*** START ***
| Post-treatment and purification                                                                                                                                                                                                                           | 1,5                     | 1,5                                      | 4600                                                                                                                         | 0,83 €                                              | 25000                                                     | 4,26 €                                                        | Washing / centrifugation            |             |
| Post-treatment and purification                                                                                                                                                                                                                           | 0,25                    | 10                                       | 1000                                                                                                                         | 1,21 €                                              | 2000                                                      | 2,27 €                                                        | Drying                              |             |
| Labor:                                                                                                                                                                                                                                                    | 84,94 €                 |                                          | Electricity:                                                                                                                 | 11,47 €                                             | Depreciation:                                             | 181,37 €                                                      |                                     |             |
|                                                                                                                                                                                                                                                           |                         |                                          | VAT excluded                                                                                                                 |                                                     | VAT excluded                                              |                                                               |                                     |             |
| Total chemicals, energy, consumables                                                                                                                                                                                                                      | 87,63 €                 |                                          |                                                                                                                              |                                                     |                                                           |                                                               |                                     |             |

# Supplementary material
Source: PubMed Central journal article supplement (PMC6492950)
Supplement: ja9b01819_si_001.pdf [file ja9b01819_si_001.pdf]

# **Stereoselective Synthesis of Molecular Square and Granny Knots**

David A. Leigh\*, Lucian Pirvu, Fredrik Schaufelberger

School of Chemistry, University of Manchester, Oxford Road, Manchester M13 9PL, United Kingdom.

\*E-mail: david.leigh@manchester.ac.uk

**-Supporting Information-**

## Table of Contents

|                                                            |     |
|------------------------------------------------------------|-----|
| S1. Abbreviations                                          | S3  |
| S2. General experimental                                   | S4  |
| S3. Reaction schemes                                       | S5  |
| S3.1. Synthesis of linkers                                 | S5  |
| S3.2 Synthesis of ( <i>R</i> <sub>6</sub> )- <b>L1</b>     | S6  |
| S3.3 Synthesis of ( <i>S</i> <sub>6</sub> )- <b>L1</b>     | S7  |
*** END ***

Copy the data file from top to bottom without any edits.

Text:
| Post-treatment and purification                                                                                                                                                                                                                           | 1,5                     | 1,5                                      | 4600                                                                                                                         | 0,83 €                                              | 25000                                                     | 4,26 €                                                        | Washing / centrifugation            |             |
| Post-treatment and purification                                                                                                                                                                                                                           | 0,25                    | 10                                       | 1000                                                                                                                         | 1,21 €                                              | 2000                                                      | 2,27 €                                                        | Drying                              |             |
| Labor:                                                                                                                                                                                                                                                    | 84,94 €                 |                                          | Electricity:                                                                                                                 | 11,47 €                                             | Depreciation:                                             | 181,37 €                                                      |                                     |             |
|                                                                                                                                                                                                                                                           |                         |                                          | VAT excluded                                                                                                                 |                                                     | VAT excluded                                              |                                                               |                                     |             |
| Total chemicals, energy, consumables                                                                                                                                                                                                                      | 87,63 €                 |                                          |                                                                                                                              |                                                     |                                                           |                                                               |                                     |             |

# Supplementary material
Source: PubMed Central journal article supplement (PMC6492950)
Supplement: ja9b01819_si_001.pdf [file ja9b01819_si_001.pdf]

# **Stereoselective Synthesis of Molecular Square and Granny Knots**

David A. Leigh\*, Lucian Pirvu, Fredrik Schaufelberger

School of Chemistry, University of Manchester, Oxford Road, Manchester M13 9PL, United Kingdom.

\*E-mail: david.leigh@manchester.ac.uk

**-Supporting Information-**

## Table of Contents

|                                                            |     |
|------------------------------------------------------------|-----|
| S1. Abbreviations                                          | S3  |
| S2. General experimental                                   | S4  |
| S3. Reaction schemes                                       | S5  |
| S3.1. Synthesis of linkers                                 | S5  |
| S3.2 Synthesis of ( <i>R</i> <sub>6</sub> )- <b>L1</b>     | S6  |
| S3.3 Synthesis of ( <i>S</i> <sub>6</sub> )- <b>L1</b>     | S7  |